We understand that Pegasus Life has expressed its intention to demolish this handsome three-storey building which started its life as a cottage orné in the Picturesque style and was adapted in the mid-19th century as a hotel before becoming the council’s offices in 1969. Although it has been altered several times – when it was enlarged to become a hotel and again when converted to offices – the Knowle retains much of its late-19th century interior decoration including fireplaces with delft tiles, decorated timber door frames, an open-string main staircase, some plaster ceilings, Pugin-style patterned wallpaper and painted columns. These features give the interior a grand and imposing feel and the council chamber is frequently hired by local people for significant events, like weddings.
The Knowle buildings stand within attractive and extensive landscaped grounds called Knowle Park located in the centre of Sidmouth. Parts of the park were designated in 1973 as Public Open Space. Despite the fact they have been altered and the original conservatories have gone, much survives and consists of southern terraces and paths, open fields to the north east, and plants and mature trees. The park is a much-loved local amenity and provides a visual contrast to the urban landscape.
In our view, loss of the Knowle and development of the park as proposed in Pegasus Life’s Revised Masterplan would represent a devastating blow to the history and character of Sidmouth, a remarkably well-preserved Regency town in a beautiful setting on the Jurassic coast.
There are many precedents throughout the UK where historic buildings have been updated, at affordable costs, and SAVE sees no reason why this cannot be done here. The council should be setting an example to the district and showing that historic buildings should be valued not discarded.
In our view, The Knowle is eminently capable of conversion and re-use. Although re-use of the existing building may not produce the same level of return as new-build, this does not mean that it is not practical or economic to do so. The long-term benefits of retaining this building should be properly considered as it would serve to secure an important local landmark.
A listing application was made to the council for The Knowle and Knowle Park. Although English Heritage considered the building and park to be below the threshold for national designation, it acknowledged both to be of ‘clear local interest’ and that they are ‘evidently highly-valued by the local community’. The report also stated that the building ‘retains some attractive internal features’.
In our view, the proposed development of 118 new homes, where the new local plan only recommends 50, constitutes as gross over-development of the site. The NPPF (74) states that:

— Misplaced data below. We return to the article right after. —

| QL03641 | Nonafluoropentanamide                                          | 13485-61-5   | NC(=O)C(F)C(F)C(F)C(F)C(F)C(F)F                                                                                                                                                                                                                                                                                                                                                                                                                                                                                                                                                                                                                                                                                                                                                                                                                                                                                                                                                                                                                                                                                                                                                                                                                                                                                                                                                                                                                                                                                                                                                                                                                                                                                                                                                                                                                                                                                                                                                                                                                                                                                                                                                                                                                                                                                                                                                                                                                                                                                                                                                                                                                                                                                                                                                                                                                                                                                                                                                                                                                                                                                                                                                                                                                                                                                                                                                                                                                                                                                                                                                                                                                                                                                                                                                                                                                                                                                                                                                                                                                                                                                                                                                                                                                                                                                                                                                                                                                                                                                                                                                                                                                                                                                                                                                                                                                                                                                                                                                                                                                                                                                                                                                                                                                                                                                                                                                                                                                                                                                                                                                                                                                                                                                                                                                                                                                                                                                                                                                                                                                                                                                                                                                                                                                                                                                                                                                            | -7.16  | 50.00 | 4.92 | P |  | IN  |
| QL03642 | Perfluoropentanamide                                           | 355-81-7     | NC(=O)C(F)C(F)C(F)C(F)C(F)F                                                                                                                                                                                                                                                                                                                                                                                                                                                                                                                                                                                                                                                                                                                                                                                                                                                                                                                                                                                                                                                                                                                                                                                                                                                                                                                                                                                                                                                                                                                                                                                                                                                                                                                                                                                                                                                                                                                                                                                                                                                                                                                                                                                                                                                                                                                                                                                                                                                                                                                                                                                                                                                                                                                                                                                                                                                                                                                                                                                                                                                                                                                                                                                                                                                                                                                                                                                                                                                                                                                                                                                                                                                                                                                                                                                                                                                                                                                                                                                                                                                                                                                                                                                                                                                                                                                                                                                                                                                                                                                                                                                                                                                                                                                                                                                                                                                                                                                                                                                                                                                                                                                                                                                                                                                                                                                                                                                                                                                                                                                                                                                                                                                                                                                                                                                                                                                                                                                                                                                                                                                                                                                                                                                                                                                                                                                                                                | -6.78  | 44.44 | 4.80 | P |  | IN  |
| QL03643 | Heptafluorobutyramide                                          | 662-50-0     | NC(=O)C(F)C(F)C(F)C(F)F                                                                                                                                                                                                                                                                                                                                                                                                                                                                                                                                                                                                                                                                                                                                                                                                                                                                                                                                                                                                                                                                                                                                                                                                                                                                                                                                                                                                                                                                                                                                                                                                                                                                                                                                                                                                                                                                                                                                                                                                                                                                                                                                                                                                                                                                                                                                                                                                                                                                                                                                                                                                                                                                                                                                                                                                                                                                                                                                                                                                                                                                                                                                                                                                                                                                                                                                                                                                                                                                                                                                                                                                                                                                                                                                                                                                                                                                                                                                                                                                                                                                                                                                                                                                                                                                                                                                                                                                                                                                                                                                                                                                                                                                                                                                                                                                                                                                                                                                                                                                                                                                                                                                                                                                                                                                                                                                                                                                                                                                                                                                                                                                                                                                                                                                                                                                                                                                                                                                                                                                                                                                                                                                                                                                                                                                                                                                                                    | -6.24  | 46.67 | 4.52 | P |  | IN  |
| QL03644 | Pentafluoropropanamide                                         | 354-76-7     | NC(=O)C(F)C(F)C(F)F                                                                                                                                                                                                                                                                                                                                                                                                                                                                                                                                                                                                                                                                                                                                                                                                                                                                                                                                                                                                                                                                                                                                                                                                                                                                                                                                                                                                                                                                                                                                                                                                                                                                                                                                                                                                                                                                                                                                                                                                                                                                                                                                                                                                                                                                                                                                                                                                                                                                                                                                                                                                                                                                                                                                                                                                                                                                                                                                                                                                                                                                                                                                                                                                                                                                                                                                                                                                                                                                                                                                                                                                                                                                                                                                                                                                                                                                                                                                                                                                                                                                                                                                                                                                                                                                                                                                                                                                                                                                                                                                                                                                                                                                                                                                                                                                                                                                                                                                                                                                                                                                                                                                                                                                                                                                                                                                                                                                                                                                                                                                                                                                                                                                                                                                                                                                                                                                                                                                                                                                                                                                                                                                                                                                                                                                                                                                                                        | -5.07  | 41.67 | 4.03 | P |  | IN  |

‘74. Existing open space, sports and recreational buildings and land, including
playing fields, should not be built on unless:
● an assessment has been undertaken which has clearly shown the open
space, buildings or land to be surplus to requirements; or
● the loss resulting from the proposed development would be replaced by
equivalent or better provision in terms of quantity and quality in a suitable
● the development is for alternative sports and recreational provision, the
needs for which clearly outweigh the loss.’
These criteria clearly have not been met.
In light of the above concerns, SAVE urges Pegasus Life to reconfigure these designs and revise their intentions for the site in order to preserve the building and existing amenity for the local community and wider public. SAVE will continue to object strongly to any proposal to demolish the Knowle.
Futures Forum: Alternatives for Knowle
Futures Forum: Knowle: Victorian hotel and grounds ... application to English Heritage for national listing
Futures Forum: Knowle: Victorian grounds: Devon Gardens Trust
Futures Forum: Knowle: Victorian hotel: heritage asset or not...
Futures Forum: Knowle: SAVE Britain's Heritage
Futures Forum: Knowle relocation project: "Impressive 1880s Victorian heritage"
Futures Forum: Knowle relocation project: and protecing our heritage
Futures Forum: Knowle relocation project: developers to convert Council HQ into a hotel
Futures Forum: Knowle relocation project: "How buildings sit in their landscape"
Futures Forum: Knowle relocation project: the history of the building ... and working in Victorian conditions